There’s this assumption that traveling simply means we are running away from our problems and the real world. Conventional jobs and culture have set expectations for us to settle down. Settling down means you’ve fulfilled your life’s mission: get an office job, marry your sweetheart, have beautiful babies, have gorgeous home, and retire.
8. You’ll learn a lot of good skills. We mean A LOT.
Haggling, creating detailed expenses on your multi-sheet spreadsheet, finding the best deal, and knowing that a small towel is a lifesaver in every condition. One cool aspect of traveling is the bargaining you get to do when shopping at the local market. Your colorful sarong that cost less than $3 becomes your all-time favorite article of clothing. Ditch those big toiletries and buy everything in your destination. Traveling light will not only make you happy, but it will be cheaper too. No one wants to carry a 10kg backpack while exploring, right? And, you’ll be surprised how the price of shampoo in Asia is 75% less than what you usually pay in your home country.
Photo credit: Fundación Al Verde Vivo
9. Travelling long-term can cost the same as your rent back home.
The money you spent on dinner in New York can equal three days worth of living expenses in Thailand. The $1500 monthly rent in New York is the same as living comfortably for one month in Indonesia. Traveling for one month in a country instead of fitting 3 countries in at one time would eventually be cheaper. Going slow lets you find better deals and create long-lasting experiences with your new friends. And don’t forget about the envy from your friends and family back home when they find out!
10. Don’t take the little things for granted.
Stuff that we considered trash are, in fact, a source of income to some people around the world. For example, women in Cambodia use banana leaves to create paper, which is changing their lives. Trying to be more than a tourist makes you more grateful for the small things in life.
11. Treat your body better.
When you are constantly on the move, it’s difficult to maintain a workout routine. Traveling drains your body. Many of us feel it’s not necessary to fit in a workout after that long day of walking. Or we prefer to use our remaining energy to chase that second party or we eat too much junk food. It’s time to be nice to your body and find the local gym or better yet, learn local martial arts.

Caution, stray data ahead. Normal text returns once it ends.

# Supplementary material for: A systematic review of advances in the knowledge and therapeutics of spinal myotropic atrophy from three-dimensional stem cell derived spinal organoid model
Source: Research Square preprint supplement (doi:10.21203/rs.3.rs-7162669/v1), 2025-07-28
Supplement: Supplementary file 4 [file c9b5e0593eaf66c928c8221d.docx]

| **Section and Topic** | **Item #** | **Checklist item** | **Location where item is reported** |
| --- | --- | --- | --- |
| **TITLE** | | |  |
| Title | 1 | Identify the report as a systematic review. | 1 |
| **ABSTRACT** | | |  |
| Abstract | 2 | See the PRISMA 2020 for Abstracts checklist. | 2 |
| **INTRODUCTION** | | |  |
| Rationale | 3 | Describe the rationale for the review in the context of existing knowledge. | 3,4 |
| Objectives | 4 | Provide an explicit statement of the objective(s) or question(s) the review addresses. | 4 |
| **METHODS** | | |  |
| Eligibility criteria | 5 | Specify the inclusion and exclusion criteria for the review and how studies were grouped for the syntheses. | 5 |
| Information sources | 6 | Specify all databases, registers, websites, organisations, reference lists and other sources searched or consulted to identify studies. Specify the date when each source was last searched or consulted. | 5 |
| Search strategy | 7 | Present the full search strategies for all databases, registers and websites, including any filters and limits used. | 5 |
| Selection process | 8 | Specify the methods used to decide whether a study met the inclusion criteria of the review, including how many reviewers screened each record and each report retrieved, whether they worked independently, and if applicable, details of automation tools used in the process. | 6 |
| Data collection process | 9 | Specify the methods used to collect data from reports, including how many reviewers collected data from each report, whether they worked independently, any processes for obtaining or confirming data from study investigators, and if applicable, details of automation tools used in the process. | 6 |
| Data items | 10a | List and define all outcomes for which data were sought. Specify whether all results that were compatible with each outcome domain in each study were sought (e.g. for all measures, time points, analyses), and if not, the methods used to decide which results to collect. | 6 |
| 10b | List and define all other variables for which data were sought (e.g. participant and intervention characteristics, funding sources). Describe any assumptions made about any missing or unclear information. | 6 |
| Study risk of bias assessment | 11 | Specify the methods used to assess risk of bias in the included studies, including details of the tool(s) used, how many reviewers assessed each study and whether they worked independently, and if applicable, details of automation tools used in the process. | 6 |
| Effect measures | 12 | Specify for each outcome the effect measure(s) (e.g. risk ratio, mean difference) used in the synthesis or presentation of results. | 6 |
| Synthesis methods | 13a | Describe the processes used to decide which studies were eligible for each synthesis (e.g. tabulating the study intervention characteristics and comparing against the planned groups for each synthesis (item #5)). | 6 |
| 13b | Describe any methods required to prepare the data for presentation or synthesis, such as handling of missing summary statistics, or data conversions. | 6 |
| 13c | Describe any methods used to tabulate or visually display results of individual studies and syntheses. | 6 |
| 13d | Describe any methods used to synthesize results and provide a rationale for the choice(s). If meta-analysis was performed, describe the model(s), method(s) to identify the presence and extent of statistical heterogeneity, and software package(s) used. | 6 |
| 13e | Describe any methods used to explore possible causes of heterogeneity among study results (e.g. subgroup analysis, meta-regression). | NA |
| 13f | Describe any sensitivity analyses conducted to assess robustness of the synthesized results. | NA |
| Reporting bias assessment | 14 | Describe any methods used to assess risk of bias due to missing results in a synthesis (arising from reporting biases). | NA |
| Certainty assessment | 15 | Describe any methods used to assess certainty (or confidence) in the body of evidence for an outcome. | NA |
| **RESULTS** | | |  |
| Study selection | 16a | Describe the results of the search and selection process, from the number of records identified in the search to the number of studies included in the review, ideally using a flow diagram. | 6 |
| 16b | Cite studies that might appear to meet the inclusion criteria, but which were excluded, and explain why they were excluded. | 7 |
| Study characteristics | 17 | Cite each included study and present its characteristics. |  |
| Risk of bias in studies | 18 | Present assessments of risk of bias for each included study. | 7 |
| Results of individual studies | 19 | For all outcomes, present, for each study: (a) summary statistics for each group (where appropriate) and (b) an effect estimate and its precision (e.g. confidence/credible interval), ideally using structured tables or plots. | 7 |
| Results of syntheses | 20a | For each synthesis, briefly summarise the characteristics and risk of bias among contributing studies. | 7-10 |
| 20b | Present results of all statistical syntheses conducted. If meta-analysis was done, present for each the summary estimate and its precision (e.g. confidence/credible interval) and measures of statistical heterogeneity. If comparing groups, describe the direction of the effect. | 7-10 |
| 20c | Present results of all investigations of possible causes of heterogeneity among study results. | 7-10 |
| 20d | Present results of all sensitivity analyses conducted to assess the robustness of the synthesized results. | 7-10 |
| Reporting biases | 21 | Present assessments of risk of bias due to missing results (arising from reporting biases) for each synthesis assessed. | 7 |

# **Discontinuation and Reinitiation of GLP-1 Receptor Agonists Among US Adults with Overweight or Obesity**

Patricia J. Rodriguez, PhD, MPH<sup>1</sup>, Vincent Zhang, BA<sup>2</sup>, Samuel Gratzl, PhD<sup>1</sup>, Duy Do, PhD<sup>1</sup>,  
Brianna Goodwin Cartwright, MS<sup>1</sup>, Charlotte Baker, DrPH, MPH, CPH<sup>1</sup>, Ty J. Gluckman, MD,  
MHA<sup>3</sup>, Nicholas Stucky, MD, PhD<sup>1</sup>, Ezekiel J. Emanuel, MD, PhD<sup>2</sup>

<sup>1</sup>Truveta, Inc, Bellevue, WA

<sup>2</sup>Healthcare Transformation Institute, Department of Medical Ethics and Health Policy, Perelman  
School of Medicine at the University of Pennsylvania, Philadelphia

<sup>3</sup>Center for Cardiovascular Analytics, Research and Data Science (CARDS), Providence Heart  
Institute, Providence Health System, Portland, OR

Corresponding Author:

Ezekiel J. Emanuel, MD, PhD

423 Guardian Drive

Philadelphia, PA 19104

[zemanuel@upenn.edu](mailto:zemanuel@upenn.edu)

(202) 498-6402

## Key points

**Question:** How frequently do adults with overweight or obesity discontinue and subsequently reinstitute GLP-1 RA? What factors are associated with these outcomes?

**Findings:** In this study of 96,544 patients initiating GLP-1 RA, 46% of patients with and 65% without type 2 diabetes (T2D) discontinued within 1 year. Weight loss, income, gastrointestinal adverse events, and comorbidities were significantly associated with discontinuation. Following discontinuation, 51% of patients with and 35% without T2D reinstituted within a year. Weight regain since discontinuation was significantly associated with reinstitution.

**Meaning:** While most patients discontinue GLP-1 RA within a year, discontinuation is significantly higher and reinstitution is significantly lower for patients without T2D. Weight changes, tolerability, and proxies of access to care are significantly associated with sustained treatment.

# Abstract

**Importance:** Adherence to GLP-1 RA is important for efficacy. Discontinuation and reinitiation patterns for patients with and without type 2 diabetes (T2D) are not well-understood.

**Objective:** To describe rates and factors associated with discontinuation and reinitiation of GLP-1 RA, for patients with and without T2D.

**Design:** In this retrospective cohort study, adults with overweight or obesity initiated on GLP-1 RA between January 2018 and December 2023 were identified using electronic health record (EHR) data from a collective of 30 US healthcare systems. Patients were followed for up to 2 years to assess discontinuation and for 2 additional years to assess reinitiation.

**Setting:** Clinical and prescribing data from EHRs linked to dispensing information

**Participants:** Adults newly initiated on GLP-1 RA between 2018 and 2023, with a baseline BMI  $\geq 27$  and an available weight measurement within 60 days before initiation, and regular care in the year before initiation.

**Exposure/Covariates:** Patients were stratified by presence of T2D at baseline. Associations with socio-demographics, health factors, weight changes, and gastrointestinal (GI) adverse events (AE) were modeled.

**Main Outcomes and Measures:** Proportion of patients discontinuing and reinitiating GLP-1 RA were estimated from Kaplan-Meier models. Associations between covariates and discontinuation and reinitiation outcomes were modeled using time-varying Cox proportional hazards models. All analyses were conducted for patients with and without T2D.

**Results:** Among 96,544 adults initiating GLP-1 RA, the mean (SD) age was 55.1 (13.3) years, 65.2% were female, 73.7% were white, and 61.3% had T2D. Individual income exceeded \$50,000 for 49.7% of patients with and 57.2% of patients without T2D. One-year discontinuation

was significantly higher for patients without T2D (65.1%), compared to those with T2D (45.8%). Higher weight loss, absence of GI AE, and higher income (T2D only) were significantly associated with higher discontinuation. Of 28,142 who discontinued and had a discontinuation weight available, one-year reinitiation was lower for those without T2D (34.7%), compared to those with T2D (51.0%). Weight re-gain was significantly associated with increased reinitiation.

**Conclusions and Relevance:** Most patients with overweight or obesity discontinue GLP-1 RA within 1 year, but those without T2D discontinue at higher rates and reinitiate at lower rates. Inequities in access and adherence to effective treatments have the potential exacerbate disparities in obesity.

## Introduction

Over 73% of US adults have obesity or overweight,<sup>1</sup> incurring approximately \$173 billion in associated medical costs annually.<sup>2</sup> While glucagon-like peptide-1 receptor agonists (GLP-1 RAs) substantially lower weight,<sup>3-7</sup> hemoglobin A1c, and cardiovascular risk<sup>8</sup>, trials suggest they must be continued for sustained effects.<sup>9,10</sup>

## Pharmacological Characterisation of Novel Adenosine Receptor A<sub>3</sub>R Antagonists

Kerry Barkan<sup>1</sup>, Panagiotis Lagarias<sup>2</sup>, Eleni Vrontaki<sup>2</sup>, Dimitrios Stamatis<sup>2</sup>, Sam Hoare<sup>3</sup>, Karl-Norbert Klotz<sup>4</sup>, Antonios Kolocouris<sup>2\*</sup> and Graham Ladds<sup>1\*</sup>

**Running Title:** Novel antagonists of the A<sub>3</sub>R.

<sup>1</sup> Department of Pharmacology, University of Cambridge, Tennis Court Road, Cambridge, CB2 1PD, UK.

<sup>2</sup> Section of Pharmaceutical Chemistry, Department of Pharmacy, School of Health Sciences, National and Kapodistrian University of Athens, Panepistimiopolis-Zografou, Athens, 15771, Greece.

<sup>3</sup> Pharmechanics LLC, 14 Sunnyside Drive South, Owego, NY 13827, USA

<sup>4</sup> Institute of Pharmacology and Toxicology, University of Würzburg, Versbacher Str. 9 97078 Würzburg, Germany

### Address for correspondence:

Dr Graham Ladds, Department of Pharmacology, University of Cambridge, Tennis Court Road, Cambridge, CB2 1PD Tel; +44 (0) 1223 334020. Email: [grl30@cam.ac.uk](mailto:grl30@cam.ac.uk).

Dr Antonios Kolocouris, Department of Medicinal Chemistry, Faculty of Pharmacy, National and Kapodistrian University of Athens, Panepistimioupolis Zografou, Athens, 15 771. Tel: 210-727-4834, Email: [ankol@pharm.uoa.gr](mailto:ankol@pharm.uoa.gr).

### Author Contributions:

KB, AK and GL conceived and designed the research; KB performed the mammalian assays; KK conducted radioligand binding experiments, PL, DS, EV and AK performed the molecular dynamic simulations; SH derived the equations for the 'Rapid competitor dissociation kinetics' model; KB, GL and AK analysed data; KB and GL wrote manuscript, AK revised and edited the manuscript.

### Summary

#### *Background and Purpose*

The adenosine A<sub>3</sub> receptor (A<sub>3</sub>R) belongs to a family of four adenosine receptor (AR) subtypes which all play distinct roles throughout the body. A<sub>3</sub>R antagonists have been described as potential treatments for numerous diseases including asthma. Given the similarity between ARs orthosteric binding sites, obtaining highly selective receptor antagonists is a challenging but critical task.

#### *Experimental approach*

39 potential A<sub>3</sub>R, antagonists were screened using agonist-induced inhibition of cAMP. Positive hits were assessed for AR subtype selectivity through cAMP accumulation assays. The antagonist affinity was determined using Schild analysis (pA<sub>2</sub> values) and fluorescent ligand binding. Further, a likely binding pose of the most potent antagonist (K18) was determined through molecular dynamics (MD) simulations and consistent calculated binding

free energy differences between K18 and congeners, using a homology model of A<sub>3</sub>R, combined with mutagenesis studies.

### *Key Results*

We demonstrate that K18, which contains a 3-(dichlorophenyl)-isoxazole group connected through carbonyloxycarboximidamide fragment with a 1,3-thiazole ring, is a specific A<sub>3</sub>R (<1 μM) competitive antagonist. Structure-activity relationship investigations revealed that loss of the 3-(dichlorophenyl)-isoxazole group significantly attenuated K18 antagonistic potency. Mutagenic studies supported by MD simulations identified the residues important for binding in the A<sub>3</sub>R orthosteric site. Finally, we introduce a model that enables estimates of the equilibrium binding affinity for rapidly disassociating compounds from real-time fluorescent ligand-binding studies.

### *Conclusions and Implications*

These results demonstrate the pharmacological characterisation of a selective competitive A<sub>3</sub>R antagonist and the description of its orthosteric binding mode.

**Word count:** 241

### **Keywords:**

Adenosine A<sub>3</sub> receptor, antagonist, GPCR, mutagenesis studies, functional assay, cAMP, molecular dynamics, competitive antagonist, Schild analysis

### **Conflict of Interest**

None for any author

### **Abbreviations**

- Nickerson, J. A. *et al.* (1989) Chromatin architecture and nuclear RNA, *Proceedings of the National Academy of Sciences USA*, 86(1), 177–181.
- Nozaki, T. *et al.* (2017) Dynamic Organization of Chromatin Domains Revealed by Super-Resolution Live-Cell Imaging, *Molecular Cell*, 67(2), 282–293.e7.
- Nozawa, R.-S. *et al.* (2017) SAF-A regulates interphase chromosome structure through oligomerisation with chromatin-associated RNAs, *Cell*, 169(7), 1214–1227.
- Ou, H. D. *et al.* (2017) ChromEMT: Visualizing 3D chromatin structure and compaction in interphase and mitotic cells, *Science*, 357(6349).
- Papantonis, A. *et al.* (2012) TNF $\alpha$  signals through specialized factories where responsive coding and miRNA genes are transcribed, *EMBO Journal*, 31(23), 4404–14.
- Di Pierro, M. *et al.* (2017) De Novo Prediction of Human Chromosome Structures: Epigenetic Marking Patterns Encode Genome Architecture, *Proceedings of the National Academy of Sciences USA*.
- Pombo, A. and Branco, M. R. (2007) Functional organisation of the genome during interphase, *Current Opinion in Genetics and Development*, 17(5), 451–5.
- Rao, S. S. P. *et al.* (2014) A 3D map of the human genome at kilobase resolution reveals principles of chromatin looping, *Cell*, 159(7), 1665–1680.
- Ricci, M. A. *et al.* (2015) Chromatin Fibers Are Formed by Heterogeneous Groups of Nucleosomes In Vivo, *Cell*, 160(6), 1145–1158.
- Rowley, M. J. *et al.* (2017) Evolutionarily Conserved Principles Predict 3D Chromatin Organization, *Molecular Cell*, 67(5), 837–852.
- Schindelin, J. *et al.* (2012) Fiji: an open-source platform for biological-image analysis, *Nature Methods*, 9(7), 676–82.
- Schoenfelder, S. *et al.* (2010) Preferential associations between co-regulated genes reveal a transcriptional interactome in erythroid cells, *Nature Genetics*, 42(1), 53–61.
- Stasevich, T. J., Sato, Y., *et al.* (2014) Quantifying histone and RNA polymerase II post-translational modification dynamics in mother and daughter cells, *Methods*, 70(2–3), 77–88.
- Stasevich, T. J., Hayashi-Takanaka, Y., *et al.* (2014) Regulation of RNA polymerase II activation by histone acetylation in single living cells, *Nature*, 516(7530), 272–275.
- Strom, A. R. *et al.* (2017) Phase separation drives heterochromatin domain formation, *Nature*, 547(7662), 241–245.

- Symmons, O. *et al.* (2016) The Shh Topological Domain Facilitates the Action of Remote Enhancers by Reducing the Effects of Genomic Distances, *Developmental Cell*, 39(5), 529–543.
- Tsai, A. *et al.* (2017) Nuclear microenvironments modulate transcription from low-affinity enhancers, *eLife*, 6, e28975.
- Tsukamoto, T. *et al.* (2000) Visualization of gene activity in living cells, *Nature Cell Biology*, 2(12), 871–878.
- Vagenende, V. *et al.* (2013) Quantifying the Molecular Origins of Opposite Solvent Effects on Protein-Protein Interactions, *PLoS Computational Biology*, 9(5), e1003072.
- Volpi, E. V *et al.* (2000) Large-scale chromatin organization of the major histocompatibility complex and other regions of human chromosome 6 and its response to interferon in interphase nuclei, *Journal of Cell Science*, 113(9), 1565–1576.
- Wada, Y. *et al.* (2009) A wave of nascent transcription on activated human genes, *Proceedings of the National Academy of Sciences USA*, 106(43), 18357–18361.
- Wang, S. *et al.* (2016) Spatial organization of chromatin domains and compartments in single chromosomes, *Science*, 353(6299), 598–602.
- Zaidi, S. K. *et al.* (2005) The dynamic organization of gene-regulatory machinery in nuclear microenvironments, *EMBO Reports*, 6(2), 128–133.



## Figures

12. There are many good people that try to change the world.
In today’s digital age, we rely more on our network of people to give us recommendations of places to visit. Immersing yourself in the local culture not only means seeing the heritage or cultural sites, but it also means understanding how the city’s small businesses operate. There are many good people on a mission to improve women’s lives. It’s a worldwide movement. These organizations listed are all contributing to women’s empowerment! These tours are an opportunity to support the skills honed by women and to learn about the communities and cultures they come from.
13. Be careful with all hand gestures
Depending where you are, not all hand gestures have the same meaning. While it’s cool to give a “thumbs-up” and the “a-OK” in some countries, in others, these hand signals are highly provocative. The “thumbs-up” in America, Australia, UK and Canada is a sign of approval. However, if you use this gesture in West Africa, Iran, or Latin America it is seen as “up yours.” It’s best to be smart when using hand gestures. Insulting the locals is just not nice!
There will be days when you’ll feel like everything around you is wrong; you’re aching. The concept of home is not the same anymore. You are stuck in a routine that suffocates you. You would think living in a new exotic country would make you happy but then the aching feeling to keep moving comes back again. When you start feeling this regularly, sometimes you just have to look at home through a different lens. Try a different path. Surround yourself with the people you trust the most and simply connect. Traveling like more than a tourist does not only mean traveling off the beaten path. Rather, it’s about finding ways to channel your wanderlust when you start to get too comfortable.
Top photo credit: Sacred Arts Research Foundation